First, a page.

(I would like to take a moment to thank All The Days Of for hosting me on my blog tour today; it's a pleasure to be here!)
My Pleasure, Danelle! I am so happy you are here :)
Way back in the mid 1990s, I was a single woman in my early 30s, living in a small upstairs apartment in an old Victorian house outside of Worcester, Massachusetts with my dreams, my books, and my rambunctious German Shorthaired Pointer, "Roscoe," for company. One day, while poking around on the internet — then, still, in its relative infancy — and procrastinating (something I am very good at) while working on a book, I came across an international pen pal list. Aha! Another way to waste time as I waited for whatever difficult section of The Book to come to me. There were lots of names on that list. Even better. More time wasted. Being an Anglophile, I sent off friendly hellos to several people on that list, and imagine my surprise when, a day or so later, one of the replies was from a young gentleman in Oxfordshire. Well, long story short, we became pen-pals … long distance friends … then the exchange of phone calls began, and I flew over to meet him during a long weekend. We hit it off famously; he came to visit me two months later, proposed marriage, and by November of that year, Roscoe and I were both headed to England. We were married in a 500-year-old hall in our little town of Abingdon-on-Thames in March of 1995, and here I sit, pondering this blog, seventeen years later: still happily married to this wonderful man. Chris and I, and our 'tween daughter, Emma, live in Massachusetts now, as my terror of flying made it awfully hard for me to live in England when I wanted to come home to see my family (I lasted for just over two years), and though Roscoe is long gone, our menagerie has increased. My city-guy husband, who grew up near Wimbledon, outside London, had a cat when he was young. That's it. A cat.
Now he has not just one, but four German Shorthaired Pointers, a horse, a flock of chickens, and assorted other small creatures — frogs, fish in both bowls and a tank. Oh, and a chain saw. He's come a long way from the cute blond kid who grew up a stone's throw from, arguably, the greatest city in the world.
It was while living in England that I came up with the idea for my de Montforte Brothers series, and it was there that I began writing it. As anyone who's been there will attest, England is fertile ground for a romance novelist, and that was no exception for this one. In our little town of Abingdon-on-Thames alone, we had the ruins of a medieval house where, in 1644, Charles I parted company from his Queen, never to see her again, or so the story goes; today the forgotten ruins are enclosed by a small spiked-iron fence and housing developments, but the footpath I used to walk on my way to the town center to do grocery shopping took me right past them. It was a spooky place at night, and probably still is. Across town, we had the footprint of a massive medieval abbey, the archeological remains of which are buried a few feet under the soil; the abbey was destroyed during Henry VIII in 1539 during one of his rampages, but history says it was a massive structure. We had stately homes and the River Thames and beautiful fields where I would walk Roscoe every day. Sometimes he would flush a pheasant and remember that he was a bird dog, though I don't hunt, and he didn't either. Sometimes he would jump into the Thames and have a swim. It was a bucolic place, our little town, and a wonderful "center point" from which to take a day trip to other areas of the country.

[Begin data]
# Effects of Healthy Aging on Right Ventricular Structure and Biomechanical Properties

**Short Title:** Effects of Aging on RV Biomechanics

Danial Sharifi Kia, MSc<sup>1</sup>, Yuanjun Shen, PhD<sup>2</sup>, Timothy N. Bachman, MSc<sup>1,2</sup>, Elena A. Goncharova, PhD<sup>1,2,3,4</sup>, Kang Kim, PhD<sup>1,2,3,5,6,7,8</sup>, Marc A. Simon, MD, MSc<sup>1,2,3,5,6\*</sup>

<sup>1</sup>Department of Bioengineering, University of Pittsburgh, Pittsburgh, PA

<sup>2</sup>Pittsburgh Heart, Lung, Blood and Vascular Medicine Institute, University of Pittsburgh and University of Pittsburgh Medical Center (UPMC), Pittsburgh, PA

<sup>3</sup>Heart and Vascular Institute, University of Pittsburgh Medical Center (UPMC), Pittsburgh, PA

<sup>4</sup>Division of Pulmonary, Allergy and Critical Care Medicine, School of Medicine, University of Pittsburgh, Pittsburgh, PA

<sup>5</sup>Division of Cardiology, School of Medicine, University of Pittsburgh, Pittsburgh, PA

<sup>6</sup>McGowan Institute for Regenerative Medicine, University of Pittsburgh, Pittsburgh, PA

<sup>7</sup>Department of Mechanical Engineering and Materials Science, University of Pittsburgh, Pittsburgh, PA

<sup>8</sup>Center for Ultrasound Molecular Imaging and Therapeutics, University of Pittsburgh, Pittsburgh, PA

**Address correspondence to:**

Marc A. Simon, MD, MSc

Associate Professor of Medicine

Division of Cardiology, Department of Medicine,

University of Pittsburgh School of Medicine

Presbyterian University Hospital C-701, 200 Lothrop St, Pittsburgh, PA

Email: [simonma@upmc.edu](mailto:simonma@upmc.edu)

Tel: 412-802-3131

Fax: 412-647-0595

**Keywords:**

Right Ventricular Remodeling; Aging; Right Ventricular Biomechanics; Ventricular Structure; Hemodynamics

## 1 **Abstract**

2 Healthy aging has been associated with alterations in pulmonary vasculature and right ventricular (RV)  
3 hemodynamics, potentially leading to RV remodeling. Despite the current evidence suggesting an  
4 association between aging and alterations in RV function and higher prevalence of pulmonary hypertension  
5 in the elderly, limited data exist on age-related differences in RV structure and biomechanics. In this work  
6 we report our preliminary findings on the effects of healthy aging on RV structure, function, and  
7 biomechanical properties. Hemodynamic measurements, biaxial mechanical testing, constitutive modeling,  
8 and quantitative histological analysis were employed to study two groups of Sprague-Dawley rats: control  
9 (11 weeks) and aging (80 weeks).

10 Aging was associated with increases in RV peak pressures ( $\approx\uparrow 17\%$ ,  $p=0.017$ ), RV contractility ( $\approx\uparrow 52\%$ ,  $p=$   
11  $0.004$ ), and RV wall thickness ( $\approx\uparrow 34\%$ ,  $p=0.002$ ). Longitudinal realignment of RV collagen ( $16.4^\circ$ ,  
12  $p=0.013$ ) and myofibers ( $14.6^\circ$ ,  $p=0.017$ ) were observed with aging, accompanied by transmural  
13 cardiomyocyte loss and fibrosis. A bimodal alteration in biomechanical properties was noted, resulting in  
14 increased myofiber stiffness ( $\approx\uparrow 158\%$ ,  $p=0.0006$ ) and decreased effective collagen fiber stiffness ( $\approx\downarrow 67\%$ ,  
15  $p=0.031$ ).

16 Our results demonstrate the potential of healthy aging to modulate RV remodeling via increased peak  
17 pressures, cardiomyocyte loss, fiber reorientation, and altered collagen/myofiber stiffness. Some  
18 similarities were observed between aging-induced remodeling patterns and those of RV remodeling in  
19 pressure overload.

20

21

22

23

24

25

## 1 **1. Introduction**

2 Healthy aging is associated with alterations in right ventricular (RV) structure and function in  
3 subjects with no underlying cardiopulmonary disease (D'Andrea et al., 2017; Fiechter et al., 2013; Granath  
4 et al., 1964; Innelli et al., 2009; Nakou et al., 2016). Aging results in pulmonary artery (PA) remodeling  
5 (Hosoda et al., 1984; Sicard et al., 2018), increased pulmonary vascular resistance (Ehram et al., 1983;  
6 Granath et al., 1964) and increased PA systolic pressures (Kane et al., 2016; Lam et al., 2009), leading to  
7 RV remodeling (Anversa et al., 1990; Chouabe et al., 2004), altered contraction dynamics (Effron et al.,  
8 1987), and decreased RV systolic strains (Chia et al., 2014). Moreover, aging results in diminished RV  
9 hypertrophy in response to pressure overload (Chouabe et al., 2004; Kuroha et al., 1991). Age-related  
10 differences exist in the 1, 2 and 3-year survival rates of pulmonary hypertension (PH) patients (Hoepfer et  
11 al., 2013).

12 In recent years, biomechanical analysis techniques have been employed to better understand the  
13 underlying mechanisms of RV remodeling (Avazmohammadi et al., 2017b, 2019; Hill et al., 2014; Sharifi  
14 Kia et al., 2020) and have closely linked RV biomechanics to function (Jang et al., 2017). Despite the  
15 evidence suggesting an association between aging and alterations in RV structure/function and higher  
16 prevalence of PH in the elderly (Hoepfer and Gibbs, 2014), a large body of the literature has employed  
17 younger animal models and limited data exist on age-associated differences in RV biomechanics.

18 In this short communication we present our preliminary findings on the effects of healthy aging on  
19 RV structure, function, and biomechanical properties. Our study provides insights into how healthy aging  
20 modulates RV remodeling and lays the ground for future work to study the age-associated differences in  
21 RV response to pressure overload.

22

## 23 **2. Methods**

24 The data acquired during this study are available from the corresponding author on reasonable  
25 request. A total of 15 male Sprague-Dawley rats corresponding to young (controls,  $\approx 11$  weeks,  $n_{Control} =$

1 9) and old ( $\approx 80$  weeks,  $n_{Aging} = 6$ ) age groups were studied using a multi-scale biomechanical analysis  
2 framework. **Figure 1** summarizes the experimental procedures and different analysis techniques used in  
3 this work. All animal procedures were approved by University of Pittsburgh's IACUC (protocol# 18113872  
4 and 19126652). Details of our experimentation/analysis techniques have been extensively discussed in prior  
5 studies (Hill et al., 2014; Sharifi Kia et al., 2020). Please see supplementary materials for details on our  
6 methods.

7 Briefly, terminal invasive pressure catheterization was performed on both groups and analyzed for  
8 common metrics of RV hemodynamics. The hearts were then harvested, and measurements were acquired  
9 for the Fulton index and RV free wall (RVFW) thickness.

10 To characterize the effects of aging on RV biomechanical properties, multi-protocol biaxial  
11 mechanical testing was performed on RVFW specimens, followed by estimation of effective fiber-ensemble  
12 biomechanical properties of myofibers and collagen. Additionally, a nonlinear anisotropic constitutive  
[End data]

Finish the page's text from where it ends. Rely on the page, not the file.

One of my favorite spots in England was Lambourn, renowned now as a capital of the horse racing industry. It is the equivalent of our Lexington, Kentucky or Ocala, Florida … miles of rolling hills and downs, horses, sun-washed fields and high clouds and good clean air from soaring vantage points. I still remember exactly where we were sitting, Chris and I, and probably Roscoe, on a trip to Lambourn, when Blackheath Castle came to me. We were on the slope of a hill, high above the world, it seemed, with the breeze moving through the tall grasses, butterflies flitting about and rabbits bounding nearby, and the white wheel-ruts of a little road cutting through the baked chalk-mud as it led up through a copse of copper birch trees. It was high summer, and the air was sweet and clean. We were high up on that down, and from that soaring vantage point, it felt as if all of England was spread before us; I knew, then, that this was where Lucien de Montforte, the Duke of Blackheath, would have his ancestral seat.
Were I to go back to England (sadly unlikely, since I can't envision ever getting on an airplane again), I'd be hard pressed to find this very special spot where Chris and I ate a picnic lunch that day, and the magnificent ancestral home that was the setting of so much of the de Montforte Brothers books came to me. But I can see that very spot in my mind's eye as if it were yesterday. Easier to locate, though, is Swanthorpe, the estate of Lord Gareth de Montforte of THE WILD ONE, the first book in the de Montforte Brothers series. I could lead you there with no trouble at all, as it's right there in Abingdon, where we lived and had a home, in the fields of burdock and wild poppies and thick grasses where Roscoe and I took our daily Thames-side walks. You won't see Lord Gareth's manor house, of course, unless your imagination allows you to, as mine did. But you will see other prominent landmarks that contributed to the setting of THE WILD ONE … the County Hall where Lord Gareth faced "the Butcher," now a place where flea markets and small concerts and other gatherings are held … Bridge and Stert Streets, the River Thames, the ancient St. Nicholas Church and its Gateway, and so much more.
A part of my heart will forever reside in England, and specifically, Abingdon. Maybe I'll never find the courage to get back on a plane and make the relatively short hop across the pond to see this country where I still have a drivers' license and numerous dear friends, to revisit the places that hold so many memories for me.
But I hope I do. Because you never know where there might be yet another book waiting, somewhere on some high, sun-swept, windblown hill on a forgotten down.